Undoubtedly, those who had planned the furtive strike had their own understanding of the term “oath of office and secrecy”; that power was to be seized in secrecy. Among those who aided this clandestine operation were men of the highest standing: The President of India Ramnath Kovind, who awoke from his sleep to endorse the revocation of President’s rule (imposed after the BJP, the Shiv Sena and the NCP, each by itself, failed to form a government), State Governor Bhagat Singh Koshyari, who administered the oath of office to Mr. Fadnavis and Mr. Pawar, and most incredibly, Prime Minister Narendra Modi, who persuaded himself to invoke a special power to enable the revocation of President’s rule overriding the Cabinet. All three men acted as if they were dealing with an emergency that could not wait for the sun to rise.

Supreme Court’s intervention

The derring-do carried the stamp of Mr. Shah, and the TV media was naturally ecstatic. Their Chanakya had lived up to his name. It is worth pausing here to reflect on how often the Modi government has shown precisely this kind of audacity. The Maharashtra stunt would likely have passed off without any consequence, indeed even been treated as a new normal in the Modi-Shah era of constant surprises, but for two things. The Supreme Court’s intervention to make the floor test transparent which ruled out victory through chicanery. Second, the stout determination displayed by a 79-year-old political warhorse called Sharad Pawar. Uncle to Ajit Pawar and head of the NCP, Pawar Senior showed that on a good day he could outfox the BJP’s Chanakya. His side stayed united through all the blandishments offered to it. By the time the drama ended, no one quite knew what had happened. It was even speculated that Mr. Pawar had sent nephew Ajit Pawar as a Trojan horse into the BJP camp.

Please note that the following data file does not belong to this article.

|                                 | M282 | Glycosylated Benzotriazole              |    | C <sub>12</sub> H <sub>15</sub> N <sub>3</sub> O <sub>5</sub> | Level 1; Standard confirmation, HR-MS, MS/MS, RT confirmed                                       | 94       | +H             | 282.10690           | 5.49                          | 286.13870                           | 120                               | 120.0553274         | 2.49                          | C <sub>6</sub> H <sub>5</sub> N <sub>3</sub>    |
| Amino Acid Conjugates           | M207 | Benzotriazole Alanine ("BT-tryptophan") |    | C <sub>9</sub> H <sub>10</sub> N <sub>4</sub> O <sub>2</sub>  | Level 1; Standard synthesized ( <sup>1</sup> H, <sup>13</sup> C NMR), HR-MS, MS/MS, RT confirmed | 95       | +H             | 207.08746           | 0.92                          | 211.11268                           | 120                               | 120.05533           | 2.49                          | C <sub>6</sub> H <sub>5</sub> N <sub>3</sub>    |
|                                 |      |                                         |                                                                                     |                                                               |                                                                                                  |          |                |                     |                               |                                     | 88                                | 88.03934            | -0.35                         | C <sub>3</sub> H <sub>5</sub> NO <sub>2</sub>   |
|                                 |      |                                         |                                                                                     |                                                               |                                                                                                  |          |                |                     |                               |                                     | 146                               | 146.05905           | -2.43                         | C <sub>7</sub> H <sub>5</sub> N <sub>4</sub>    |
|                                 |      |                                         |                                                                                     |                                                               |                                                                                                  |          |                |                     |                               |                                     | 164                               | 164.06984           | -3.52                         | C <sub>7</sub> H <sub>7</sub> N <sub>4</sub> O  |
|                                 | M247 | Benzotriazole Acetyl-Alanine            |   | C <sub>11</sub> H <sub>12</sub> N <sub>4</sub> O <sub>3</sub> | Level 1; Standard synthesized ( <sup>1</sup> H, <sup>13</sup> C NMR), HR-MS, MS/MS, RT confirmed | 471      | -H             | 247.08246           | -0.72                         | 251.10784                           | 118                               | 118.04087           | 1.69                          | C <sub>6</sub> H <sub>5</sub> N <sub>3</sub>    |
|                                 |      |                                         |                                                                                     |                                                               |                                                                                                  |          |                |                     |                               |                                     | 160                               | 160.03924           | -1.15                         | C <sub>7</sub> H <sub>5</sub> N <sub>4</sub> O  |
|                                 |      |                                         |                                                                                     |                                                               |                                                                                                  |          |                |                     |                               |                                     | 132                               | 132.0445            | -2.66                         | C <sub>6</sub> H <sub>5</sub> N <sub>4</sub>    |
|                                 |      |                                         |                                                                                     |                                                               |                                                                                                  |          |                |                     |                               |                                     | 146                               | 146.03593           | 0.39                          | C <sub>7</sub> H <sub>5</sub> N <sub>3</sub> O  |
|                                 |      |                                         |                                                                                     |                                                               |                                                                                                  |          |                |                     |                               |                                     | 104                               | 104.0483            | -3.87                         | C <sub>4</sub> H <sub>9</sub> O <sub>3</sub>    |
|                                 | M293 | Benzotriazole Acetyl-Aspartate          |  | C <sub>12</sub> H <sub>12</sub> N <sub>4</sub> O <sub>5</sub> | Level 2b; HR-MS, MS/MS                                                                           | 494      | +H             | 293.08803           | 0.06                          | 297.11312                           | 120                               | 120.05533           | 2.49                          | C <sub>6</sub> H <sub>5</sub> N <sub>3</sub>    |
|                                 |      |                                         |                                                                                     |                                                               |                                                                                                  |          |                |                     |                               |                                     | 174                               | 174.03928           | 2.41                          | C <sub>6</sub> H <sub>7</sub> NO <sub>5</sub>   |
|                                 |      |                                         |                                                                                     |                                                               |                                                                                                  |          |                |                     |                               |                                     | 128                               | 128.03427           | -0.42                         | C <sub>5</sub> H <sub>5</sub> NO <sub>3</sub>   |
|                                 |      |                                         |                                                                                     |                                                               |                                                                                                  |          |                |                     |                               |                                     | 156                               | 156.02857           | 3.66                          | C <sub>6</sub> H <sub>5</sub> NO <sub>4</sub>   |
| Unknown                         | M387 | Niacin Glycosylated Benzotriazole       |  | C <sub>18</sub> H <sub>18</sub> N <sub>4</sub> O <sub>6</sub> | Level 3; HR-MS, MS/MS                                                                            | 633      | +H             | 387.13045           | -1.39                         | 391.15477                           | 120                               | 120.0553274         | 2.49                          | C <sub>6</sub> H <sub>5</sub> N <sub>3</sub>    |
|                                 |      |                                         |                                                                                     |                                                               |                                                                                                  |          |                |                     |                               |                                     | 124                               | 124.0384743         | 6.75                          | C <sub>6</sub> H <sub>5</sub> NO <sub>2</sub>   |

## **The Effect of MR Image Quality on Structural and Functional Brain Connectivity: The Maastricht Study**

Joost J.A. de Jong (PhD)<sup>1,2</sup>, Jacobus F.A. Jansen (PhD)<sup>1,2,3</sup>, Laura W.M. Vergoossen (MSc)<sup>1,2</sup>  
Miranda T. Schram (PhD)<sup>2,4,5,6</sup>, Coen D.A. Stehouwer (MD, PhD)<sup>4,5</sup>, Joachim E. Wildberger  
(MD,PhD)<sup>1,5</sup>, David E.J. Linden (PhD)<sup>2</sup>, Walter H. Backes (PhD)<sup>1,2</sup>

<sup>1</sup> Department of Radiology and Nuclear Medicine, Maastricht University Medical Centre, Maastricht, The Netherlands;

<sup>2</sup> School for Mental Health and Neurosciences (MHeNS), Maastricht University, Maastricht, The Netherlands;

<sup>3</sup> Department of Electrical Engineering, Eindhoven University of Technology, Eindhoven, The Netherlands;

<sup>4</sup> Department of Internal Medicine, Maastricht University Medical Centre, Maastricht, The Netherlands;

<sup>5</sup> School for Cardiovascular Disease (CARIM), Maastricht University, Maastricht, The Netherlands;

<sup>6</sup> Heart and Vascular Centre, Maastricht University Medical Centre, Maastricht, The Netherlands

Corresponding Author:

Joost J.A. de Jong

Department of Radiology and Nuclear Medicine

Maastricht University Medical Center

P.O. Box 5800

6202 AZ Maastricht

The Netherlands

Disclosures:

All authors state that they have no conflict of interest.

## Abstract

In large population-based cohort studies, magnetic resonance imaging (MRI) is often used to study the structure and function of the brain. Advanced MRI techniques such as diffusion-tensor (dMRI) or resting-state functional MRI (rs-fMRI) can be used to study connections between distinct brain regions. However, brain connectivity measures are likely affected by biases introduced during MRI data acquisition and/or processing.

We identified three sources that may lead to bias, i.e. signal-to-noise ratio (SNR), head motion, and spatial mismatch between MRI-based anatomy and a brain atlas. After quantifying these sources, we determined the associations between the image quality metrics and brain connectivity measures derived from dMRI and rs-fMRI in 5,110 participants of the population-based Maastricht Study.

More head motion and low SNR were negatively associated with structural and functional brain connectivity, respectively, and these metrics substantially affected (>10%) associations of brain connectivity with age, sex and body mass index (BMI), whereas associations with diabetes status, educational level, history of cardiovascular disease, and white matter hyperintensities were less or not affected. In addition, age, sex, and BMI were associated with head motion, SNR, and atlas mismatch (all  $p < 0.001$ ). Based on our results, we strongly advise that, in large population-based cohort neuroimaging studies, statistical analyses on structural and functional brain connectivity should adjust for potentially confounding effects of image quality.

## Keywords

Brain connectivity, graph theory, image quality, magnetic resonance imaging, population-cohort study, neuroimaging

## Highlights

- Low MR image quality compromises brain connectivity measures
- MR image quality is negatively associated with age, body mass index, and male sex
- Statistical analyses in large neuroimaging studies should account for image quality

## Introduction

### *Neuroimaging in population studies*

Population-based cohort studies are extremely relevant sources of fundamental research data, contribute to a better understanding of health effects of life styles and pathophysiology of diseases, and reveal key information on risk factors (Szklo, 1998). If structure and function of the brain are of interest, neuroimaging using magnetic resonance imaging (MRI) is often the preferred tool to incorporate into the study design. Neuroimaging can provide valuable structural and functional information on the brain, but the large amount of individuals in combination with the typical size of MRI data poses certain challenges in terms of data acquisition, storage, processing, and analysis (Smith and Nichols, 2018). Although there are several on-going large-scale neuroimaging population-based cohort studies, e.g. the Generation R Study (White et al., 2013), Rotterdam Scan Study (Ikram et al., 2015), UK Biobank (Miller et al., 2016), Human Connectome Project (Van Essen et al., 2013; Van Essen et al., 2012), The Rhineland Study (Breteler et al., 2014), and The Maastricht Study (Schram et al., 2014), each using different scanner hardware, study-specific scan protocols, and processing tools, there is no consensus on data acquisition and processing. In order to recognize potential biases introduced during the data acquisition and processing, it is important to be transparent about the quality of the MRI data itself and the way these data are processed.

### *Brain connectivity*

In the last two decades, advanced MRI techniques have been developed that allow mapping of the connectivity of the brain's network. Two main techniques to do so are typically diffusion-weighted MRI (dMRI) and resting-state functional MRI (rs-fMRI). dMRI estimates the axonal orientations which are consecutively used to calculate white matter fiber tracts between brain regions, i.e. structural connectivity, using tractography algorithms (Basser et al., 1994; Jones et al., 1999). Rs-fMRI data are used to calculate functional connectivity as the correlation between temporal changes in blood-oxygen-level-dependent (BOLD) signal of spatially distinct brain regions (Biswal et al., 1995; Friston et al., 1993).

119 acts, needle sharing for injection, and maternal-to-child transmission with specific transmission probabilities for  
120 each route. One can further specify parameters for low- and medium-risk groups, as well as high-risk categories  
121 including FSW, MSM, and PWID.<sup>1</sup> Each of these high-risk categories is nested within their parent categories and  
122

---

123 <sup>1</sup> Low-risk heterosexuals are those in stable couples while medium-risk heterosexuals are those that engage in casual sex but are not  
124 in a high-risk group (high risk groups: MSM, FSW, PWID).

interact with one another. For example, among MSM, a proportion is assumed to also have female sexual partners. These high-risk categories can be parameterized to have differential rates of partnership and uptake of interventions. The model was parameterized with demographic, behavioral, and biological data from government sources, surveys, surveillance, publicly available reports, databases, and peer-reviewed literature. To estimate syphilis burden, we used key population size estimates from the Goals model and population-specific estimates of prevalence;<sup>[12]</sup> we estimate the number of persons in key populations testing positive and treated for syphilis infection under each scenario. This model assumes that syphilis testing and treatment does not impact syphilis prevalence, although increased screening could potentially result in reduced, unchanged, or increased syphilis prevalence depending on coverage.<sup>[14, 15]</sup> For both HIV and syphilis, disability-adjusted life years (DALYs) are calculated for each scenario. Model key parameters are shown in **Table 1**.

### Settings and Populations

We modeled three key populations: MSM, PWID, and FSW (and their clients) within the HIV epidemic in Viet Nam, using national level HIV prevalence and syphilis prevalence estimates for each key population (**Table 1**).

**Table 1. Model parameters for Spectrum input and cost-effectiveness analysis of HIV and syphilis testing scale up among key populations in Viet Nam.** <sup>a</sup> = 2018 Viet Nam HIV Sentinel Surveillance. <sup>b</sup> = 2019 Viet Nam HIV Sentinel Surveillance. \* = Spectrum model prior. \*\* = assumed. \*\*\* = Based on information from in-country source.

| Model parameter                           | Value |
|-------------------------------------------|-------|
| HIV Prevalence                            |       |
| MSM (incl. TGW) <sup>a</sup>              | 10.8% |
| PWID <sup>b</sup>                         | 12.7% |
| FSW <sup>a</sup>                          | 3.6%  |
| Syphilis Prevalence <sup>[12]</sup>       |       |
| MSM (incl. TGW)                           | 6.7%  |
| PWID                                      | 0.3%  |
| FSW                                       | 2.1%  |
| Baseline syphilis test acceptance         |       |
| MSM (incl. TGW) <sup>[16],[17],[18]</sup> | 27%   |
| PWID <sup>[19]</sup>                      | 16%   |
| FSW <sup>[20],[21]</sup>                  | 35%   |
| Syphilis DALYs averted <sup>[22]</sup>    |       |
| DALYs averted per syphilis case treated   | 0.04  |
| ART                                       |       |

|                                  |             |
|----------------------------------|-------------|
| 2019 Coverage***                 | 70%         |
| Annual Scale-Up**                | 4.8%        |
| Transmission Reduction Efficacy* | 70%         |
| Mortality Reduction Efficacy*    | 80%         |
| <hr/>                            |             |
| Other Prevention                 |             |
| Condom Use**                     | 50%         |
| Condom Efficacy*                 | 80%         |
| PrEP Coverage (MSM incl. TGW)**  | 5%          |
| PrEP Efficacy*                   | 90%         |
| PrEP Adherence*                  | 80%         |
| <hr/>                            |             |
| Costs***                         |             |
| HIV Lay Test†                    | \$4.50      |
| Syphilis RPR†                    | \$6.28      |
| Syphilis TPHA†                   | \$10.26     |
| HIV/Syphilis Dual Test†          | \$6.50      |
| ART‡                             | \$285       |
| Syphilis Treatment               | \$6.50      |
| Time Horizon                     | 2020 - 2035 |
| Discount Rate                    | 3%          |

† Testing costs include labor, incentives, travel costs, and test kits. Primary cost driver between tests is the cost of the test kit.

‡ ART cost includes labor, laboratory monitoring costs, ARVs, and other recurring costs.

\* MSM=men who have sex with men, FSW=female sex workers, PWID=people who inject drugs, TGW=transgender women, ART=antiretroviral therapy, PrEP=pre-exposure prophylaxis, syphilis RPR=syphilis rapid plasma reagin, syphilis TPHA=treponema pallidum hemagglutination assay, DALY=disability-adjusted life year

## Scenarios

Will Maharashtra pump fresh energy into the national Opposition? Not necessarily, considering the obverse of the BJP’s immorality is not the Opposition’s morality but another immorality witnessed in the union of the Shiv Sena, the NCP and the Congress. The Sena and the Congress are ideological opposites. The Sena is to the right of the BJP and even the Rashtriya Swayamsevak Sangh. In the season of Nathuram Godse Bhakti, it must be recalled that the Sena once venerated Gandhi’s assassin. How long can the Congress pretend this does not matter? How long before the BJP traps the Sena on its Hindutva roots?

The Supreme Court’s intervention and Mr. Sharad Pawar apart, there is a third factor that tripped up the BJP in Maharashtra. The national attention in the State was focused so much on the BJP’s strong-arm tactics that the party simply could not work up passions around Hindutva, nor claim national interest, its stock-in-trade in all previous instances of unilateralism.